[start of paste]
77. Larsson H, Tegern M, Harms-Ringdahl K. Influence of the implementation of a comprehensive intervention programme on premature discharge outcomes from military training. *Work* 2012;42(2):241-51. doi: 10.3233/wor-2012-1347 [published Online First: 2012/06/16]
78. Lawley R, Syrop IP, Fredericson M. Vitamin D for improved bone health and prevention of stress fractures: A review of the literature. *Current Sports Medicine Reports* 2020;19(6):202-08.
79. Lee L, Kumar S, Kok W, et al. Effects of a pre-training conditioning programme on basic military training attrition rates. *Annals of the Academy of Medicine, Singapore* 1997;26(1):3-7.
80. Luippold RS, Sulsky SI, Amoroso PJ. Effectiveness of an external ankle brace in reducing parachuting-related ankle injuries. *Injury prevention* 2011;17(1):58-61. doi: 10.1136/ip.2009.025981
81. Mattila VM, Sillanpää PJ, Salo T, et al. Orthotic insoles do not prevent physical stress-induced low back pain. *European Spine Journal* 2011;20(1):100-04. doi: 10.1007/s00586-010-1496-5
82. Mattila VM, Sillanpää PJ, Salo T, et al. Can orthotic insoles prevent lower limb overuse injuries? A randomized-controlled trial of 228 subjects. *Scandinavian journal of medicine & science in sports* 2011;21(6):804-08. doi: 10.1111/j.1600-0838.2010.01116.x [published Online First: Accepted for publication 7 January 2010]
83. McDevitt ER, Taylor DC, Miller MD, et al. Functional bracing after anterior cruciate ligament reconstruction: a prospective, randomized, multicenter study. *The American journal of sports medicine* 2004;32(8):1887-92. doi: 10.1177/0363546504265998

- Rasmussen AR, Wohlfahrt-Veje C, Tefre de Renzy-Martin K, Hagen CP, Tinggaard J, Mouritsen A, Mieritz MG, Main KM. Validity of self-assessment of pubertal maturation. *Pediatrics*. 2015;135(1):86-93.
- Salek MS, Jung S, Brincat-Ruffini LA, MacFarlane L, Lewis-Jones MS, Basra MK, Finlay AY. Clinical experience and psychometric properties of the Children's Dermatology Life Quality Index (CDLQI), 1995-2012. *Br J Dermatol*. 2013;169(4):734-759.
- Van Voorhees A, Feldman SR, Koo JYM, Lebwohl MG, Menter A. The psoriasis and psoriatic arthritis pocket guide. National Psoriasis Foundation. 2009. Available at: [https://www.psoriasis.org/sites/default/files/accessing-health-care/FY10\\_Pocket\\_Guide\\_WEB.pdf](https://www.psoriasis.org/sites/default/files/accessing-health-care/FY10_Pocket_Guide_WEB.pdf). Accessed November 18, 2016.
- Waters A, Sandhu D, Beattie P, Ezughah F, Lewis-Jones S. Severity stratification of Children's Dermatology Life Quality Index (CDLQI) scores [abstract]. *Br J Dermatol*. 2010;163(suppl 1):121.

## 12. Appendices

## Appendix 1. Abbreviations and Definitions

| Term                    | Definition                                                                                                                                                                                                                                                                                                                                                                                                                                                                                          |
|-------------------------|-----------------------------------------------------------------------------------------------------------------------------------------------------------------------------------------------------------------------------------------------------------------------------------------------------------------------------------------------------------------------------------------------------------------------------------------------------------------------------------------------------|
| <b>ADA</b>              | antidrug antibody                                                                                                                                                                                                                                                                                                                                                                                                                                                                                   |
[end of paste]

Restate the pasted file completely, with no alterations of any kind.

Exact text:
77. Larsson H, Tegern M, Harms-Ringdahl K. Influence of the implementation of a comprehensive intervention programme on premature discharge outcomes from military training. *Work* 2012;42(2):241-51. doi: 10.3233/wor-2012-1347 [published Online First: 2012/06/16]
78. Lawley R, Syrop IP, Fredericson M. Vitamin D for improved bone health and prevention of stress fractures: A review of the literature. *Current Sports Medicine Reports* 2020;19(6):202-08.
79. Lee L, Kumar S, Kok W, et al. Effects of a pre-training conditioning programme on basic military training attrition rates. *Annals of the Academy of Medicine, Singapore* 1997;26(1):3-7.
80. Luippold RS, Sulsky SI, Amoroso PJ. Effectiveness of an external ankle brace in reducing parachuting-related ankle injuries. *Injury prevention* 2011;17(1):58-61. doi: 10.1136/ip.2009.025981
81. Mattila VM, Sillanpää PJ, Salo T, et al. Orthotic insoles do not prevent physical stress-induced low back pain. *European Spine Journal* 2011;20(1):100-04. doi: 10.1007/s00586-010-1496-5
82. Mattila VM, Sillanpää PJ, Salo T, et al. Can orthotic insoles prevent lower limb overuse injuries? A randomized-controlled trial of 228 subjects. *Scandinavian journal of medicine & science in sports* 2011;21(6):804-08. doi: 10.1111/j.1600-0838.2010.01116.x [published Online First: Accepted for publication 7 January 2010]
83. McDevitt ER, Taylor DC, Miller MD, et al. Functional bracing after anterior cruciate ligament reconstruction: a prospective, randomized, multicenter study. *The American journal of sports medicine* 2004;32(8):1887-92. doi: 10.1177/0363546504265998

- Rasmussen AR, Wohlfahrt-Veje C, Tefre de Renzy-Martin K, Hagen CP, Tinggaard J, Mouritsen A, Mieritz MG, Main KM. Validity of self-assessment of pubertal maturation. *Pediatrics*. 2015;135(1):86-93.
- Salek MS, Jung S, Brincat-Ruffini LA, MacFarlane L, Lewis-Jones MS, Basra MK, Finlay AY. Clinical experience and psychometric properties of the Children's Dermatology Life Quality Index (CDLQI), 1995-2012. *Br J Dermatol*. 2013;169(4):734-759.
- Van Voorhees A, Feldman SR, Koo JYM, Lebwohl MG, Menter A. The psoriasis and psoriatic arthritis pocket guide. National Psoriasis Foundation. 2009. Available at: [https://www.psoriasis.org/sites/default/files/accessing-health-care/FY10\\_Pocket\\_Guide\\_WEB.pdf](https://www.psoriasis.org/sites/default/files/accessing-health-care/FY10_Pocket_Guide_WEB.pdf). Accessed November 18, 2016.
- Waters A, Sandhu D, Beattie P, Ezughah F, Lewis-Jones S. Severity stratification of Children's Dermatology Life Quality Index (CDLQI) scores [abstract]. *Br J Dermatol*. 2010;163(suppl 1):121.

## 12. Appendices

## Appendix 1. Abbreviations and Definitions

| Term                    | Definition                                                                                                                                                                                                                                                                                                                                                                                                                                                                                          |
|-------------------------|-----------------------------------------------------------------------------------------------------------------------------------------------------------------------------------------------------------------------------------------------------------------------------------------------------------------------------------------------------------------------------------------------------------------------------------------------------------------------------------------------------|
| <b>ADA</b>              | antidrug antibody                                                                                                                                                                                                                                                                                                                                                                                                                                                                                   |